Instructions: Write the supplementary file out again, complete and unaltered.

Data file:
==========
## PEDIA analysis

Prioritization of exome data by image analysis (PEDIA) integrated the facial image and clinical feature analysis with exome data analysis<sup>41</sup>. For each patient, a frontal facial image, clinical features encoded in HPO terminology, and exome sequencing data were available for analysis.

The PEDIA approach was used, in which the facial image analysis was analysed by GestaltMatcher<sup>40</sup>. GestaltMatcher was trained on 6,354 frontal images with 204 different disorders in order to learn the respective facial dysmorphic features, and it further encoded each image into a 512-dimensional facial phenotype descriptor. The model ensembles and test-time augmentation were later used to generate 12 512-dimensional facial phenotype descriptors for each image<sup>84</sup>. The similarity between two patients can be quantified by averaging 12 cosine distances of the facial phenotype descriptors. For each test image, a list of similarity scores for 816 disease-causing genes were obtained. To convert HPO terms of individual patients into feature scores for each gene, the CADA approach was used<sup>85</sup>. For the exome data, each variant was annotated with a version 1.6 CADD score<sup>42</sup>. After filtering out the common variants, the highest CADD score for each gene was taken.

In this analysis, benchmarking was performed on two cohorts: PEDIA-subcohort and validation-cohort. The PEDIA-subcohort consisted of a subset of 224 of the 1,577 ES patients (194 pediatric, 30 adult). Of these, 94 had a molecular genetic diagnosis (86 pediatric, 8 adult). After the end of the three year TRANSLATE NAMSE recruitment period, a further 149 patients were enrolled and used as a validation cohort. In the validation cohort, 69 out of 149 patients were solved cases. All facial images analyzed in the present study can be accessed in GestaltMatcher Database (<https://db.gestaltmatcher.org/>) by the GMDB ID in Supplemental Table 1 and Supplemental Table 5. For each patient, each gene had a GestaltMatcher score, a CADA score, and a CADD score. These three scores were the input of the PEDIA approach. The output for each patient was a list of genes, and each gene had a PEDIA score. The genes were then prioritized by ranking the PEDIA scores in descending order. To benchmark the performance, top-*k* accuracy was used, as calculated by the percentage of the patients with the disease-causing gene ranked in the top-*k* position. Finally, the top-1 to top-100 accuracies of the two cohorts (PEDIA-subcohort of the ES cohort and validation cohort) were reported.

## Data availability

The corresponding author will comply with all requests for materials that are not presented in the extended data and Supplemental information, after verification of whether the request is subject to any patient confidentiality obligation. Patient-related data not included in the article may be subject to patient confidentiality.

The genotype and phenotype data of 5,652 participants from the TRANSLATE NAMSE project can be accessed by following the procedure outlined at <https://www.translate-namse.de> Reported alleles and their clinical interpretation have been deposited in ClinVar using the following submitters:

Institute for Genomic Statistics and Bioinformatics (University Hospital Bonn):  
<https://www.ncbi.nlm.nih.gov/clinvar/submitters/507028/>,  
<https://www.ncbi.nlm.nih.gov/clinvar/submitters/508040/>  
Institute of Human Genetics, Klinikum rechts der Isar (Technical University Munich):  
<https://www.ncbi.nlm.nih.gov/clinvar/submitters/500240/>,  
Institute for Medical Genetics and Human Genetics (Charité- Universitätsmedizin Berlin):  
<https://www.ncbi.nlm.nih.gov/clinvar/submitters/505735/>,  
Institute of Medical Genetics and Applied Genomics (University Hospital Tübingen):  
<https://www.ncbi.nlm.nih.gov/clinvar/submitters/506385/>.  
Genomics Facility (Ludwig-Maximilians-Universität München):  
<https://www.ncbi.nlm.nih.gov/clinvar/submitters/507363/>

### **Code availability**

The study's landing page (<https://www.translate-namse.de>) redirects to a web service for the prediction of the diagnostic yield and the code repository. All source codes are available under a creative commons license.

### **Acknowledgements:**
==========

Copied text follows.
## PEDIA analysis

Prioritization of exome data by image analysis (PEDIA) integrated the facial image and clinical feature analysis with exome data analysis<sup>41</sup>. For each patient, a frontal facial image, clinical features encoded in HPO terminology, and exome sequencing data were available for analysis.

The PEDIA approach was used, in which the facial image analysis was analysed by GestaltMatcher<sup>40</sup>. GestaltMatcher was trained on 6,354 frontal images with 204 different disorders in order to learn the respective facial dysmorphic features, and it further encoded each image into a 512-dimensional facial phenotype descriptor. The model ensembles and test-time augmentation were later used to generate 12 512-dimensional facial phenotype descriptors for each image<sup>84</sup>. The similarity between two patients can be quantified by averaging 12 cosine distances of the facial phenotype descriptors. For each test image, a list of similarity scores for 816 disease-causing genes were obtained. To convert HPO terms of individual patients into feature scores for each gene, the CADA approach was used<sup>85</sup>. For the exome data, each variant was annotated with a version 1.6 CADD score<sup>42</sup>. After filtering out the common variants, the highest CADD score for each gene was taken.

In this analysis, benchmarking was performed on two cohorts: PEDIA-subcohort and validation-cohort. The PEDIA-subcohort consisted of a subset of 224 of the 1,577 ES patients (194 pediatric, 30 adult). Of these, 94 had a molecular genetic diagnosis (86 pediatric, 8 adult). After the end of the three year TRANSLATE NAMSE recruitment period, a further 149 patients were enrolled and used as a validation cohort. In the validation cohort, 69 out of 149 patients were solved cases. All facial images analyzed in the present study can be accessed in GestaltMatcher Database (<https://db.gestaltmatcher.org/>) by the GMDB ID in Supplemental Table 1 and Supplemental Table 5. For each patient, each gene had a GestaltMatcher score, a CADA score, and a CADD score. These three scores were the input of the PEDIA approach. The output for each patient was a list of genes, and each gene had a PEDIA score. The genes were then prioritized by ranking the PEDIA scores in descending order. To benchmark the performance, top-*k* accuracy was used, as calculated by the percentage of the patients with the disease-causing gene ranked in the top-*k* position. Finally, the top-1 to top-100 accuracies of the two cohorts (PEDIA-subcohort of the ES cohort and validation cohort) were reported.

## Data availability

The corresponding author will comply with all requests for materials that are not presented in the extended data and Supplemental information, after verification of whether the request is subject to any patient confidentiality obligation. Patient-related data not included in the article may be subject to patient confidentiality.

The genotype and phenotype data of 5,652 participants from the TRANSLATE NAMSE project can be accessed by following the procedure outlined at <https://www.translate-namse.de> Reported alleles and their clinical interpretation have been deposited in ClinVar using the following submitters:

Institute for Genomic Statistics and Bioinformatics (University Hospital Bonn):  
<https://www.ncbi.nlm.nih.gov/clinvar/submitters/507028/>,  
<https://www.ncbi.nlm.nih.gov/clinvar/submitters/508040/>  
Institute of Human Genetics, Klinikum rechts der Isar (Technical University Munich):  
<https://www.ncbi.nlm.nih.gov/clinvar/submitters/500240/>,  
Institute for Medical Genetics and Human Genetics (Charité- Universitätsmedizin Berlin):  
<https://www.ncbi.nlm.nih.gov/clinvar/submitters/505735/>,  
Institute of Medical Genetics and Applied Genomics (University Hospital Tübingen):  
<https://www.ncbi.nlm.nih.gov/clinvar/submitters/506385/>.  
Genomics Facility (Ludwig-Maximilians-Universität München):  
<https://www.ncbi.nlm.nih.gov/clinvar/submitters/507363/>

### **Code availability**

The study's landing page (<https://www.translate-namse.de>) redirects to a web service for the prediction of the diagnostic yield and the code repository. All source codes are available under a creative commons license.

### **Acknowledgements:**